Put another way: discussion is just a tool, like reading, where you get some ideas to help your thinking. In discussion, people externalize and share some of their thoughts with you (and you do that for them). Books are a one-sided way of discussing: the author externalizes and shares thoughts but the readers don’t.
Thinking is more fundamental than discussion. But the term “discussion” better describes a process with multiple competing ideas which argue with each other. In this article I’ll be focusing specifically on discussion-like thinking – whether it’s alone (self-discussion) or talking with others – so I’ll call it discussion. Thinking is a broad category; there are other types of thinking too that are less like discussion.
Next I’ll summarize how discussion works according to CR (which is pretty similar to the conventional view of discussion). It’s a broad, overall view that doesn’t give very specific discussion advice. I agree with it what it says, but I think more detail would be helpful.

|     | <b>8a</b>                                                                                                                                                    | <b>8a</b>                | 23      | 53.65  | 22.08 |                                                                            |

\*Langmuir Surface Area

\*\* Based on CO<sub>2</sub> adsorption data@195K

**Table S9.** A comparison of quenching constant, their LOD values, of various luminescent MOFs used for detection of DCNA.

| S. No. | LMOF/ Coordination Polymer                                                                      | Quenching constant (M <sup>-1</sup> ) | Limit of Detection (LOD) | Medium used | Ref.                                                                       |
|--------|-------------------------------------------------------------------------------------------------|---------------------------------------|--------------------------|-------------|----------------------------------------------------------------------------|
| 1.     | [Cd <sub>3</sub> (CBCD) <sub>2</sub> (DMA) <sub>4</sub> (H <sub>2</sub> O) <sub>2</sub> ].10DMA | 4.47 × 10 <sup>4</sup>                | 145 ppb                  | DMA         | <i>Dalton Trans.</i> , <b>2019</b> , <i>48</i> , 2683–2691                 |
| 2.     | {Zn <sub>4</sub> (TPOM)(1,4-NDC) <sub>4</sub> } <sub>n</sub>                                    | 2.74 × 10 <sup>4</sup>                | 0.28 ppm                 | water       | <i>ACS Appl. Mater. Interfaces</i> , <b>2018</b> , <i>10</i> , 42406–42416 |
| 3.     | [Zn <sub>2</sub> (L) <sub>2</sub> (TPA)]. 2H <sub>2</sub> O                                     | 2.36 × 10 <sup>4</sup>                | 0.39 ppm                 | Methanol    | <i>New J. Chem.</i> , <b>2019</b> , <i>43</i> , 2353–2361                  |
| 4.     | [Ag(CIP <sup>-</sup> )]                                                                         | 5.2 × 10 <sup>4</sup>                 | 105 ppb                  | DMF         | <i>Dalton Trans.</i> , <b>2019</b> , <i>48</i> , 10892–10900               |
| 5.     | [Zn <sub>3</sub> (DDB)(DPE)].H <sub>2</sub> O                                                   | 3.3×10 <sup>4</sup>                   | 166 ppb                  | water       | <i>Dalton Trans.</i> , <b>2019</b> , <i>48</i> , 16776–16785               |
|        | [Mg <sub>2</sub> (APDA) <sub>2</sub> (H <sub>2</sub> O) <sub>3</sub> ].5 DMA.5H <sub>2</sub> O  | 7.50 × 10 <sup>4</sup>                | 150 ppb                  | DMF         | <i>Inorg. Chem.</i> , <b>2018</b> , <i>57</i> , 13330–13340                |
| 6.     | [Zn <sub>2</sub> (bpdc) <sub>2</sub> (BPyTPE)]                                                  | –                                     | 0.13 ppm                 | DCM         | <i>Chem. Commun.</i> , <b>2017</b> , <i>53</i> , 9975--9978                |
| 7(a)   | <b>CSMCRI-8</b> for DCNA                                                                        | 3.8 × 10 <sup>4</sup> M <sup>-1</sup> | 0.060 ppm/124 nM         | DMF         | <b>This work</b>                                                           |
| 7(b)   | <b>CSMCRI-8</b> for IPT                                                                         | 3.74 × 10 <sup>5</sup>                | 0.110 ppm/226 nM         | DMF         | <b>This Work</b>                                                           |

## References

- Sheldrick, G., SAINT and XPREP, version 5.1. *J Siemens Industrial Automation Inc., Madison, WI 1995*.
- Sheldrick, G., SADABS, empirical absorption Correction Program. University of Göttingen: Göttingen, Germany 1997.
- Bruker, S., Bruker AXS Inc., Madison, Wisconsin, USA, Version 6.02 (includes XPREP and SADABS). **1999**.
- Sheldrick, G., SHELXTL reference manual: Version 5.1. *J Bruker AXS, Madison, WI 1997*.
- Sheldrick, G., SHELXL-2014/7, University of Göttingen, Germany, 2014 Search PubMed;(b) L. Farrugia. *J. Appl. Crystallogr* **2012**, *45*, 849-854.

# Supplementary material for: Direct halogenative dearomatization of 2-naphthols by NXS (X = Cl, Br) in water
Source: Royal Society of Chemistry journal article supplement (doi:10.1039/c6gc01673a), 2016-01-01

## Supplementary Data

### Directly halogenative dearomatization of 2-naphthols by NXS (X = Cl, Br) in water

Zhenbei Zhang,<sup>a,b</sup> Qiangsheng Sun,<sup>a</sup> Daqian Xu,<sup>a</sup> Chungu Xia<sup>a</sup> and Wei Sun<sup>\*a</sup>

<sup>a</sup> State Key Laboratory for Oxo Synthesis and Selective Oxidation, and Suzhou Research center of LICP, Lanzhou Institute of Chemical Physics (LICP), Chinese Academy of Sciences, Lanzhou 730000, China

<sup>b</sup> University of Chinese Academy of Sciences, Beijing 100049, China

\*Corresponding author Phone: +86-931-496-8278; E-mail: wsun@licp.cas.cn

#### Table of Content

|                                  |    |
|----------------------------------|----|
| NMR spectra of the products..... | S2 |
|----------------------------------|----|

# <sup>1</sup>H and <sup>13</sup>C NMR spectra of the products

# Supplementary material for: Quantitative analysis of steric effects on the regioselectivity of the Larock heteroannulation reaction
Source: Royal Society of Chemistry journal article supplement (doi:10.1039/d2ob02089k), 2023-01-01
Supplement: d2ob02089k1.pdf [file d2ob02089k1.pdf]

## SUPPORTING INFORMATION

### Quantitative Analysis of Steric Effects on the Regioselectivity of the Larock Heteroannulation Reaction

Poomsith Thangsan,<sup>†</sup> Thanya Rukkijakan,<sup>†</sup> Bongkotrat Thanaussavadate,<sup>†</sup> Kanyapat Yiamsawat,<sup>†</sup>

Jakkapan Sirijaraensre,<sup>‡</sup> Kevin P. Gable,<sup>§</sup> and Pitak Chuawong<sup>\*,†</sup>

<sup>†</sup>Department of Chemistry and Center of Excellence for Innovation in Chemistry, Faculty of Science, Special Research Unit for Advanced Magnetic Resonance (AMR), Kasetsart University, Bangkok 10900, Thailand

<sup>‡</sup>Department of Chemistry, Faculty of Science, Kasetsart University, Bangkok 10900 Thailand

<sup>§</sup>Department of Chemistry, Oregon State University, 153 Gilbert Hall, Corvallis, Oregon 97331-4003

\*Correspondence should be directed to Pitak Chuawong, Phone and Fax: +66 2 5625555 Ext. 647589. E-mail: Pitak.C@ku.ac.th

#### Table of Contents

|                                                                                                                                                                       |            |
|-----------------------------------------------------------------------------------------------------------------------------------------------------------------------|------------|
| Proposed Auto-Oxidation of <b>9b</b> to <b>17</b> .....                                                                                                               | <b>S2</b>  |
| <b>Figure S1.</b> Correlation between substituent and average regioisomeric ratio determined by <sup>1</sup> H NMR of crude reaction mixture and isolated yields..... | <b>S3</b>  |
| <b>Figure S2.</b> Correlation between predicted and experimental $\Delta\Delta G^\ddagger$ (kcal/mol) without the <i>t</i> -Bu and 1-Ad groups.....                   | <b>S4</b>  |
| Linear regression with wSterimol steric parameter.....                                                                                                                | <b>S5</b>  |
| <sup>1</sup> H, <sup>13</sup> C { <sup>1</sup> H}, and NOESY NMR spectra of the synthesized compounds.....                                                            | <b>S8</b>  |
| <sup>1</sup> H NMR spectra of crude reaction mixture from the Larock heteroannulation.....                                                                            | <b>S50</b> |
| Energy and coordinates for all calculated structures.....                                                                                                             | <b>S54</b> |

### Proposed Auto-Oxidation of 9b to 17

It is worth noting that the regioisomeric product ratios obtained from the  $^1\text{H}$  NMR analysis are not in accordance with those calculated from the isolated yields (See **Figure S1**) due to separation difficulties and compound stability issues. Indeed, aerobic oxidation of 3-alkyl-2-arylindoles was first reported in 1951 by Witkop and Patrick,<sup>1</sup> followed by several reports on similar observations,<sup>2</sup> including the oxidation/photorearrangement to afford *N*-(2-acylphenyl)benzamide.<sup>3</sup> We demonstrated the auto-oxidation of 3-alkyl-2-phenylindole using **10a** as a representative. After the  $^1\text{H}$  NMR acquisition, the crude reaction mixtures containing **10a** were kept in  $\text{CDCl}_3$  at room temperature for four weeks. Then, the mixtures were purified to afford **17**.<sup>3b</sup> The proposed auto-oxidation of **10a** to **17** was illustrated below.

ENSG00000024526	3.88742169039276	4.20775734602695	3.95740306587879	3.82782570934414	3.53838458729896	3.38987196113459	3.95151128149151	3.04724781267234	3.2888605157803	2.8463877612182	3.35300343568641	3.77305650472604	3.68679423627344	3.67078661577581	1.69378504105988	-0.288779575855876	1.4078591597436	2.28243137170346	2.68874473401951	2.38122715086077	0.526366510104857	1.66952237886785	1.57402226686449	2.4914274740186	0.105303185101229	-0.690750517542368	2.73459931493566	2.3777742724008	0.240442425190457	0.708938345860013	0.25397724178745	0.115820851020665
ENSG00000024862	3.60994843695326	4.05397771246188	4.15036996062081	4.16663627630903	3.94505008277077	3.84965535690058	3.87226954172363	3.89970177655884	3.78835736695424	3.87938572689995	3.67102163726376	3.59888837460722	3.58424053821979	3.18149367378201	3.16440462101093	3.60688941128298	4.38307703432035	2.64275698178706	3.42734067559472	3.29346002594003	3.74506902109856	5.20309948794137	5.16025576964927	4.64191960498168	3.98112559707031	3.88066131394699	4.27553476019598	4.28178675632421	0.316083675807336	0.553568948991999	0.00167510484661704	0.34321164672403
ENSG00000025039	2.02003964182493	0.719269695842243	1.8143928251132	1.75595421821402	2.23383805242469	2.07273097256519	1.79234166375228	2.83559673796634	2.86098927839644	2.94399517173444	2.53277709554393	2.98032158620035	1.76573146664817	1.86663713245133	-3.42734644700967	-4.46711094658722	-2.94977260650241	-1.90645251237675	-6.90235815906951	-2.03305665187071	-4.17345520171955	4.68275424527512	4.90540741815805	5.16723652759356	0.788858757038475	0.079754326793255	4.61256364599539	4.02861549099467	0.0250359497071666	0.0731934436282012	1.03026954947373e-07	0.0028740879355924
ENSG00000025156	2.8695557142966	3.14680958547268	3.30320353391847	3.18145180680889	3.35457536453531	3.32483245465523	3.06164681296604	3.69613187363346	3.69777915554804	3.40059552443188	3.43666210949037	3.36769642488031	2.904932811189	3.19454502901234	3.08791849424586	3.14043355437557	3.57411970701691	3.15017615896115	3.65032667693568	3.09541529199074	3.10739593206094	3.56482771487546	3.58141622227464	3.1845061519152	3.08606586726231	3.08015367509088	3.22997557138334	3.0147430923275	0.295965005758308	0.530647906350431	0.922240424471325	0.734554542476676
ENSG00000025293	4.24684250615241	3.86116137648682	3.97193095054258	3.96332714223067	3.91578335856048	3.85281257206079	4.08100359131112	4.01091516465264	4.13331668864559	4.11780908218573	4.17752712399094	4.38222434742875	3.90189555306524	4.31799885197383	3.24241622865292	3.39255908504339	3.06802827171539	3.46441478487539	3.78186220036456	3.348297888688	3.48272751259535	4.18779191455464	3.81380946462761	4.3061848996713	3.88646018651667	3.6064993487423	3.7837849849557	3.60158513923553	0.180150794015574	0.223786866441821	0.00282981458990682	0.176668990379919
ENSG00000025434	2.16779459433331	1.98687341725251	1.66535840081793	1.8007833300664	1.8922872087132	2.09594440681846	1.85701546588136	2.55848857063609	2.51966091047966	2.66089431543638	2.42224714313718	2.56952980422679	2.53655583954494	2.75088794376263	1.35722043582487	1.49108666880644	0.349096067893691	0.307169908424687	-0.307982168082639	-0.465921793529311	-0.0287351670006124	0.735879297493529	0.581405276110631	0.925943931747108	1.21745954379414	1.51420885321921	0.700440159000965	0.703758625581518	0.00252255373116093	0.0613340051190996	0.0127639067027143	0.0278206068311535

Discussion-style thinking starts with one or more problems/goals/questions/purposes. And it happens in a context with background knowledge – people already know a bunch of stuff which they can use in the discussion.
One or more people brainstorm and propose solutions – ideas to solve a problem, achieve a goal, answer a question, or accomplish a purpose.
People debate the solutions. They come up with critical arguments. They try to explain why solutions will or won’t work.
Based on criticism, people modify solutions to try to improve them to no longer be refuted by that criticism. A criticism can point out a weakness of an idea which can then sometimes be fixed with a small change to the idea (or sometimes with a large change, and sometimes not at all). And sometimes people think of brand new solutions; discussion can help inspire new ideas.